When Tom Pitts asked if I’d be interested in reading an advanced copy of his latest novel, Hustle, and possibly writing a review, I jumped at the chance. Having read his previous work, Piggyback, I knew I’d be in for a balls-to-the-wall story, one that didn’t give a happy tinker’s damn about decorum and convention.
I had no idea.
Hustle releases this month, so hang on. For dear life. Here’s my review:
“A trick is a trick,” says Donny in the opening pages of Tom Pitts’ searing, disturbing and gripping Hustle. It’s the kind of world-weary, jaded statement uttered by a shell of person, one so beaten down and used up by the grind of an existence with no means, no hope and no way out that nothing seems to matter anymore.
Hustle, as the title implies, pits Donny and Big Rich, San Francisco junkies who support their habit — and their sad cycle of existence — as prostitutes, with a scheme as old as time. Alternately turning tricks and getting high and/or fighting off the inevitable sickness of withdrawal, Big Rich sees a shot at a big score: blackmailing a rich client with particularly deviant sexual preferences.
A couple of junkies with blackmail scheme? What could possibly go wrong, right?
Pitts unreels a terrifying tale of the underworld as Donny and Big Rich flail about while their plan morphs into a disaster at light speed. Pitts’ storytelling is rough, dirty and compelling as hell. What appears at first glance to be a couple of dope-sick boy whores sliming their way through the city is a riveting story of desperate determination. Which is, in fact, the life of the addict. Donny and Big Rich’s fixation on their goal — a fat payoff — isn’t necessarily noble (even though Big Rich claims he’s doing it to “get out” and be reunited with his daughter), but it is complete, consequences be damned. And there are certainly consequences.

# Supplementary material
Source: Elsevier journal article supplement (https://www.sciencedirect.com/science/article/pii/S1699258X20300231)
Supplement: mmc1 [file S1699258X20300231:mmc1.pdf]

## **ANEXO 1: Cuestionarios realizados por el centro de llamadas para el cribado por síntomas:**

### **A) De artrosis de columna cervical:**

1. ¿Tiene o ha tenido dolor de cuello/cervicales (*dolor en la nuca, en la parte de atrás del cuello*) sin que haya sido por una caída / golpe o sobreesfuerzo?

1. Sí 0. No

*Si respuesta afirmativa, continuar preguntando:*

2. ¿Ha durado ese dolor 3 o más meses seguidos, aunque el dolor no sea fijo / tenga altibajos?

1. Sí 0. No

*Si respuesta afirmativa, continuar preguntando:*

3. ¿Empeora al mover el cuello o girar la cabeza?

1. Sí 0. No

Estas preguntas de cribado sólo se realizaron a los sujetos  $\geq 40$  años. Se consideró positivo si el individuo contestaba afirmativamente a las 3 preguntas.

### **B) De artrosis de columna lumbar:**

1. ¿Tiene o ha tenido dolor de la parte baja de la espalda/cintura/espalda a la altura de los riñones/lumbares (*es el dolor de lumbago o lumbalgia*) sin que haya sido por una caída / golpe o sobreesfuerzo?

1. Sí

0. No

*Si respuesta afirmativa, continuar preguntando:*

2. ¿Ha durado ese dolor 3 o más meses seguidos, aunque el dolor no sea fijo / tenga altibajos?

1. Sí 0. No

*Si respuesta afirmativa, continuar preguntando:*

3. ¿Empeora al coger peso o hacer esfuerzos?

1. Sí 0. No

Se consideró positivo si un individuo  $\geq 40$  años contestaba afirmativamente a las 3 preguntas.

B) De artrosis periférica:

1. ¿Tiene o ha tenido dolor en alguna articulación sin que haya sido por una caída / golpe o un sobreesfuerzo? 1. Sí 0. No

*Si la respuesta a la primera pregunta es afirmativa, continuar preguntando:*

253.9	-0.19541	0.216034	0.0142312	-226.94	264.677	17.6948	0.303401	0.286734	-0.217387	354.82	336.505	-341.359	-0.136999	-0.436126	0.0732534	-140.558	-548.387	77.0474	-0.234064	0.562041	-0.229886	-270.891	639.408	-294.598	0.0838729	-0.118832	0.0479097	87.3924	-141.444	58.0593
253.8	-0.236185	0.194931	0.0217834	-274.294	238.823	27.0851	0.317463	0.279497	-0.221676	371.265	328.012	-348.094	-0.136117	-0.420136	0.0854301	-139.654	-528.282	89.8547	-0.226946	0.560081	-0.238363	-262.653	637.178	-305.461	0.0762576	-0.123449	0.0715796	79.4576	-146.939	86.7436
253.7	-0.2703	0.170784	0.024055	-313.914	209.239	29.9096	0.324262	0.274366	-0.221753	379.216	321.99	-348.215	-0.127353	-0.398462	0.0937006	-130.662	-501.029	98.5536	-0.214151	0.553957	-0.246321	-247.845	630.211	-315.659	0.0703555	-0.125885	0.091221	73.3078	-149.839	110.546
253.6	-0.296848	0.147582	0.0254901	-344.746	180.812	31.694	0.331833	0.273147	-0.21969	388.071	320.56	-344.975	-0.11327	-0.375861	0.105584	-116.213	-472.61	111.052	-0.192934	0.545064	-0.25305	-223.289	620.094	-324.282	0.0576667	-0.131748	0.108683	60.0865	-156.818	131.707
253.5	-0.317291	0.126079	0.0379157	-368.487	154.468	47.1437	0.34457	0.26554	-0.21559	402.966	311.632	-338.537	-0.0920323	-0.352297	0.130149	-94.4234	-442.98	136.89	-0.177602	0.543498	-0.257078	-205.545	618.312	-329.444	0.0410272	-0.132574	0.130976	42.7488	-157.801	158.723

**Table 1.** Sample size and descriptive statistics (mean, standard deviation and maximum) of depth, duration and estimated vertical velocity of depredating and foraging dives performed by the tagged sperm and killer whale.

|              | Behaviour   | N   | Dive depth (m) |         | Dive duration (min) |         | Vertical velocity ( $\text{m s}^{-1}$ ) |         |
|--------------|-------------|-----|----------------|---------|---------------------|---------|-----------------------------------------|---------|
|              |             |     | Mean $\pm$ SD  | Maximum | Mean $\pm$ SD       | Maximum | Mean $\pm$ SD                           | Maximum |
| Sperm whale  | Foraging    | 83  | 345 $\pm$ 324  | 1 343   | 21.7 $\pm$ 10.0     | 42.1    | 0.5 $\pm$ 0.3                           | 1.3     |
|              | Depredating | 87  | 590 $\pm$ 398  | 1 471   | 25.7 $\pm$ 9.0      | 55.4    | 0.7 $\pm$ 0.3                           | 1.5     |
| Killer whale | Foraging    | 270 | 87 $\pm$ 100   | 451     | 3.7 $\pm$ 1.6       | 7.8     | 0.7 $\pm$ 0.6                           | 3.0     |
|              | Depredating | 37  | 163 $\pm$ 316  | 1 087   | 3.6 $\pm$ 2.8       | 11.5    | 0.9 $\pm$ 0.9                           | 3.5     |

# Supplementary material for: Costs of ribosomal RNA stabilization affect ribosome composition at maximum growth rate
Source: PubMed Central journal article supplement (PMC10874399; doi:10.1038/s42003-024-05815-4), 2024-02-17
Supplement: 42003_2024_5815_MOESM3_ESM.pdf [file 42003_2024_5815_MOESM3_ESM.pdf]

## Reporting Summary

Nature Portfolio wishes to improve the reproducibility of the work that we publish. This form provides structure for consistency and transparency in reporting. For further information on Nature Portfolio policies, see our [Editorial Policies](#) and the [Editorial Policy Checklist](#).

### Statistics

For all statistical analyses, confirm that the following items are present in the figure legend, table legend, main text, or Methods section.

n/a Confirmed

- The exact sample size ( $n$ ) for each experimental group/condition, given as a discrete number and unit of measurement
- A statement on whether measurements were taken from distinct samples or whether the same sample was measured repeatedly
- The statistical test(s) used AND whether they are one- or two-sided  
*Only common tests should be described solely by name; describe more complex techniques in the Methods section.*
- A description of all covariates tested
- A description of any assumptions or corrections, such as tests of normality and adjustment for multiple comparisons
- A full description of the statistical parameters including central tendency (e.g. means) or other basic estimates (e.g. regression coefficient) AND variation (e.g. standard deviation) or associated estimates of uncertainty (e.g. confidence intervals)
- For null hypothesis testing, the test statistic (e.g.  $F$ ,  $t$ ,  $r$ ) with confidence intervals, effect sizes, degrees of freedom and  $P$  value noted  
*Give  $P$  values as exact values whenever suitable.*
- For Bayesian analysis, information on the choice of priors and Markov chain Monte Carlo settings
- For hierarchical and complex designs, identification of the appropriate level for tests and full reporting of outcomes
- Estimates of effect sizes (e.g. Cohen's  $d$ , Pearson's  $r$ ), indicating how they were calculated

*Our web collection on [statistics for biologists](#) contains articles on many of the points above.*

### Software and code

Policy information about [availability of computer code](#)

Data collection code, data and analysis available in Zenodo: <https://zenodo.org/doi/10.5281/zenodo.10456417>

Truth be told, there’s not a noble character in the entire novel, just people who seem aware of who and what they are, and aren’t looking for a way up or out as much as they are looking for a kind of ultimate satisfaction or gratification. Donny goes along with Big Rich because the payoff potentially means a better existence, whatever it may be. And while he’s certainly no hero, Donny is hardly the anti-hero type, either, at least not in the sense readers have been accustomed to in the noir genre. Donny isn’t hard-edged or cynical. He’s wrung out and lost, with seemingly nothing at all left to lose, which is exactly what elevates him to a heroic stature.
Pitts deserves high praise for having the balls to write this novel. He may not have flinched writing it, but readers will flinch reading it. Pitts just doesn’t push it to the edge; he completely redefines the boundaries with a realism that is, yes, shocking and sad, but true to itself and undeniably authentic. Hustle won’t just stick with you for a while after reading it. If you have a soul at all, it will haunt you.